Celebrating Martin Luther King Jr.’s Dream Through Art
By Daniel Zeevi
Today August 28 marks the 50 year anniversary of Martin Luther King Jr.’s “I Have a Dream” speech, one of the most transpiring events to take place during the civil rights movement in America. Over the years, Dr. King has become synonomous with the ideas of change, hope and justice for millions in America, especially those still suffering racial inequalities today common in the poorest and most segregated communities. One photographer, Camilo Jose Vergara, has been documenting urban America for over 40 years and can attest to the power of Dr. King’s influence.
“I have seen many images on the walls of urban America,” Camilo told The Weekly Flickr. “But the one that stands out still after all these years, are the images of Martin Luther King, Jr.”
In 2002, Camillo was awarded a MacArthur Foundation “genius” grant, and in 2013, he was given the National Humanities medal by President Obama, the first photographer to ever receive this award!
“I was interested in the culture of the place and what the community values,” Camilo explained. “I found it in murals that were placed in alleys. Wall art reflects the community — what they’re thinking, feeling and even idolizing. It’s interesting.” Camilo has spent years photographing the same places and makes a great witness to the change these communities have really taken. Over time he archived many of the images people made, and he eventually noticed one recurring them: the image of Martin Luther King Jr.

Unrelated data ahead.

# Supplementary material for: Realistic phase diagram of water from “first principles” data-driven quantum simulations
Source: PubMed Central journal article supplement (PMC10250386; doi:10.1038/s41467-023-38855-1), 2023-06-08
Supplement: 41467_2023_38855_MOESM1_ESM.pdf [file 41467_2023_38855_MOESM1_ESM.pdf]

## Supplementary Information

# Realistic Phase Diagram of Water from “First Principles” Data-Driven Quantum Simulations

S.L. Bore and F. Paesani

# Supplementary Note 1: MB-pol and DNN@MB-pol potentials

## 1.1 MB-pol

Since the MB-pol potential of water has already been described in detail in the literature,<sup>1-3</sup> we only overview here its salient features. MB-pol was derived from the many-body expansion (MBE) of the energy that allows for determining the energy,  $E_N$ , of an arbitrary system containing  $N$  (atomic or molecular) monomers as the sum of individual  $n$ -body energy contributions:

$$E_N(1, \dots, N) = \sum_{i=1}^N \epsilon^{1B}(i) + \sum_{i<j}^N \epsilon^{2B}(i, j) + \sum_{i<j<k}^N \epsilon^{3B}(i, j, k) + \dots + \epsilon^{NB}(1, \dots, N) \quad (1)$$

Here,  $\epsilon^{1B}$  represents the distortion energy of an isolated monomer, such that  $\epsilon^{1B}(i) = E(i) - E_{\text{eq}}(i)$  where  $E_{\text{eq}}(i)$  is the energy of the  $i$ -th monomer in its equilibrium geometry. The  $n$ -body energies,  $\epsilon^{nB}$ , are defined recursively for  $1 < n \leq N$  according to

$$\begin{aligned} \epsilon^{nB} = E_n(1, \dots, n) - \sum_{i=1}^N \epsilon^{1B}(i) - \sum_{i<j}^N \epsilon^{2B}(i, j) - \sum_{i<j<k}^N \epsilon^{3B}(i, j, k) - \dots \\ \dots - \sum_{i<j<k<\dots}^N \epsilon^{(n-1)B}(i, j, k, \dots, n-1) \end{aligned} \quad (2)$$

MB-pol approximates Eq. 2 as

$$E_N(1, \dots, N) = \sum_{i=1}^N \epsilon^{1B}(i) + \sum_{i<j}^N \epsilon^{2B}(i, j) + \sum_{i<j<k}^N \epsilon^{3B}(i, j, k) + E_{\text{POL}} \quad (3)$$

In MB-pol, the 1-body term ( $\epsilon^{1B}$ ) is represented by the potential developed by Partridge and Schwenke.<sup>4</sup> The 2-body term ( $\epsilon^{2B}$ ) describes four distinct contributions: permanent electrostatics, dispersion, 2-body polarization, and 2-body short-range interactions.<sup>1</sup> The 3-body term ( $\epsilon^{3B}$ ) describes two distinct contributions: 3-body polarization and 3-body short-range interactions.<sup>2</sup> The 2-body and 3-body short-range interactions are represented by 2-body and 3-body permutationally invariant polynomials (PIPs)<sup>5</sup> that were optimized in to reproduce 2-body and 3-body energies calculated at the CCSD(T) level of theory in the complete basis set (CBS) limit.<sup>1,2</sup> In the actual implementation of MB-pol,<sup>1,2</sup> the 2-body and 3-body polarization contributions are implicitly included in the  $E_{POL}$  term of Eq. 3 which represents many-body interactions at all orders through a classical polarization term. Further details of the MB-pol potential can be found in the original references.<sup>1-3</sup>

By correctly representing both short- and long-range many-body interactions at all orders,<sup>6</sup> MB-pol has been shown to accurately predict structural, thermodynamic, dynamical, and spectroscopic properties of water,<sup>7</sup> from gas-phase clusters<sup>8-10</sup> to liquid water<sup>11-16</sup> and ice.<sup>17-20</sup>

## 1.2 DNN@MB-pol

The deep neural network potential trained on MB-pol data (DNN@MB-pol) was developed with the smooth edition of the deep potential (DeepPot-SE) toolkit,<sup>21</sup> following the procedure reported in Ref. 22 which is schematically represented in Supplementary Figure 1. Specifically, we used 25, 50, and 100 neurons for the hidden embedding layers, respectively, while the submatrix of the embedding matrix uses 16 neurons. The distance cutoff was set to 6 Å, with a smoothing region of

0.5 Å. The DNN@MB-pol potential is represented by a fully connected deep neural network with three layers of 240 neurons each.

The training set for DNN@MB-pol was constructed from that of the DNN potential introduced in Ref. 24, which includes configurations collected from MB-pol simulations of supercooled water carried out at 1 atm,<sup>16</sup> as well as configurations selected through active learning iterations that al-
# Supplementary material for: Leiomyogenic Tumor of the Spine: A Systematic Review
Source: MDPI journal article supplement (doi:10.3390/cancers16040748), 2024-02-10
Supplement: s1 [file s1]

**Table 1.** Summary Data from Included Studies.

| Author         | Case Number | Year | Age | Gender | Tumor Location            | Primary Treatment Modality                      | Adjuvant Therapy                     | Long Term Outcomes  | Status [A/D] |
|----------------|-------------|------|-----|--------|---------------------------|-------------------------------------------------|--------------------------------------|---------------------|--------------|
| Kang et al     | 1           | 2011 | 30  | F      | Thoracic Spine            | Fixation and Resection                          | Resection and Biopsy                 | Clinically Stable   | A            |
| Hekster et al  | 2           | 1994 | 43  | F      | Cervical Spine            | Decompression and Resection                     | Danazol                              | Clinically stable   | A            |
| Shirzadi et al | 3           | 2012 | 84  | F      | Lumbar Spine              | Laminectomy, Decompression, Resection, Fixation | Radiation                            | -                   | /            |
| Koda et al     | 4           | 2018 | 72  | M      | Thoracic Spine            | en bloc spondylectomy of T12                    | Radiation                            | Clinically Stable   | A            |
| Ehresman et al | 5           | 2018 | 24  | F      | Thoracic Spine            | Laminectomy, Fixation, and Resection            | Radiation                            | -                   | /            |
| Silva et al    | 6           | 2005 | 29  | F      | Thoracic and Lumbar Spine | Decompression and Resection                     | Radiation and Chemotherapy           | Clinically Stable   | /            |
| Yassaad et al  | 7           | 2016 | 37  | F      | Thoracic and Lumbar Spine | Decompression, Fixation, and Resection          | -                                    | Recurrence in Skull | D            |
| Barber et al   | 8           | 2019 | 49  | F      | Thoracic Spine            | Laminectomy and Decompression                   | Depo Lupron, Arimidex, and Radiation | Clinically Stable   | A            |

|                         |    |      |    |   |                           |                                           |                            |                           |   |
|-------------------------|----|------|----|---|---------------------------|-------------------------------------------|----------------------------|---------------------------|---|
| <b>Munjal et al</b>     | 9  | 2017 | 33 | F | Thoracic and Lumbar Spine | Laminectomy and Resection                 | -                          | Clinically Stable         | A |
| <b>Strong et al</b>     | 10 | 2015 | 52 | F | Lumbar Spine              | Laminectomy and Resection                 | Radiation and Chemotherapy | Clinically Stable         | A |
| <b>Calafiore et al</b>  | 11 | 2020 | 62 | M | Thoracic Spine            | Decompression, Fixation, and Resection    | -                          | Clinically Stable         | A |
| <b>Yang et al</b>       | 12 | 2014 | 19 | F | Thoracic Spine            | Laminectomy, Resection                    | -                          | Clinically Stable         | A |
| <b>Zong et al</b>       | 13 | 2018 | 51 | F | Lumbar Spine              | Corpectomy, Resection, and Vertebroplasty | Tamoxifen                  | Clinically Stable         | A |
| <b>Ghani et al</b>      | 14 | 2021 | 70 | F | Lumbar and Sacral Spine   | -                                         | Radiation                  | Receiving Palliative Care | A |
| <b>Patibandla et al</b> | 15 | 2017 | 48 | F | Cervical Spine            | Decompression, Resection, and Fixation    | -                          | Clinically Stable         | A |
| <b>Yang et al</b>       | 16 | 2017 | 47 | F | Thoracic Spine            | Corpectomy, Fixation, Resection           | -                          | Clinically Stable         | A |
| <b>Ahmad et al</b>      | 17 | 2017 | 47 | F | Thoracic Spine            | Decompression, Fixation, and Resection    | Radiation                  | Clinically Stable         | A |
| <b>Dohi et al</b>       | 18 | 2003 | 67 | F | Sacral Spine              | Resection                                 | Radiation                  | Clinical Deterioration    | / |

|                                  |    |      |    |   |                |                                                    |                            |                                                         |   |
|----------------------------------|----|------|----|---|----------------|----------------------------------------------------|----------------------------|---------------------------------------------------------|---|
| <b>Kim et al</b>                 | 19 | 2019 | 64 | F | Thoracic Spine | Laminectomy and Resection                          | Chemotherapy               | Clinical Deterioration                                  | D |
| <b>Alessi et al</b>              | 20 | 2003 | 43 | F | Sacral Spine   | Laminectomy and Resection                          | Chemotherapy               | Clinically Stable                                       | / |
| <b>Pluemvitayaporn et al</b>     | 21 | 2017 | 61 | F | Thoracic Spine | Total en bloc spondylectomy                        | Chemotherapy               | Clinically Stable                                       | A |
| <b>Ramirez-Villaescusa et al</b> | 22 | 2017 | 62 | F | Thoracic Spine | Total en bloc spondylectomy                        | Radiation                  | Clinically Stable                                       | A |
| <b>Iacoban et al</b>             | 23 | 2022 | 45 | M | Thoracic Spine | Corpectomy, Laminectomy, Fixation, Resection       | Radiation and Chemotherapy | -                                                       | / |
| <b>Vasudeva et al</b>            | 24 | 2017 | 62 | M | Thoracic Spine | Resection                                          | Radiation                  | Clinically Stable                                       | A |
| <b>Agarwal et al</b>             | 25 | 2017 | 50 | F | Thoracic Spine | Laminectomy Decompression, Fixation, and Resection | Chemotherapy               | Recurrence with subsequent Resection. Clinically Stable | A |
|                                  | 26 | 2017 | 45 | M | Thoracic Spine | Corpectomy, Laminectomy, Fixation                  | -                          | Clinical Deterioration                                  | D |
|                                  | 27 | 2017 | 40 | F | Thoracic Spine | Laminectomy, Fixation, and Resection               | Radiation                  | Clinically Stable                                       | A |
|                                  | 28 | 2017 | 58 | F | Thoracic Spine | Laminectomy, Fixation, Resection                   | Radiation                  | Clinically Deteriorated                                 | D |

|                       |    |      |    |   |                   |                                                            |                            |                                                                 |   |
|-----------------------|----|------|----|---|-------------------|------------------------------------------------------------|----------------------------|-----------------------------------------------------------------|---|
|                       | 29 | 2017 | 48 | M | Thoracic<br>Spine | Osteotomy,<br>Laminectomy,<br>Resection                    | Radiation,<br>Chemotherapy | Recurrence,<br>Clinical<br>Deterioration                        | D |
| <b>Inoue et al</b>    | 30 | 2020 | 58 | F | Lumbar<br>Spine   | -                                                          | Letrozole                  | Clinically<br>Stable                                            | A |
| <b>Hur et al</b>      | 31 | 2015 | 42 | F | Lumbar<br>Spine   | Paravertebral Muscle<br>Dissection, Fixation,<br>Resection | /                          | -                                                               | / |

Each street mural of Dr. King depicts many different core values and ideals, where one was to stop gang graffiti which had become overwhelming.
“It was interesting because there were three symbols that were particularly used for graffiti fighting,” Camilo says. “One was Christ. The other was the Virgin of Guadalupe. The last was Martin Luther King Jr. The idea was no one would dare deface these icons.”
“Martin Luther King Jr. was a great man,” said Camilo. “Most speeches (when you hear them) lose power. But with Martin Luther King, there’s something about the voice, about the way he speaks that really moves you. It’s like you have to stop what you’re doing. He has this staying power. People feel compelled to keep him on their walls. The number of truly great people is not that large, but Martin Luther King is one of those people. He has been there for a while, and I think he’ll continue to be there for a long time to come.”
50 years later, Dr. King’s image is used to bridge the gap between disparaging ethnic communities. He has forever become a symbol of equality and peace.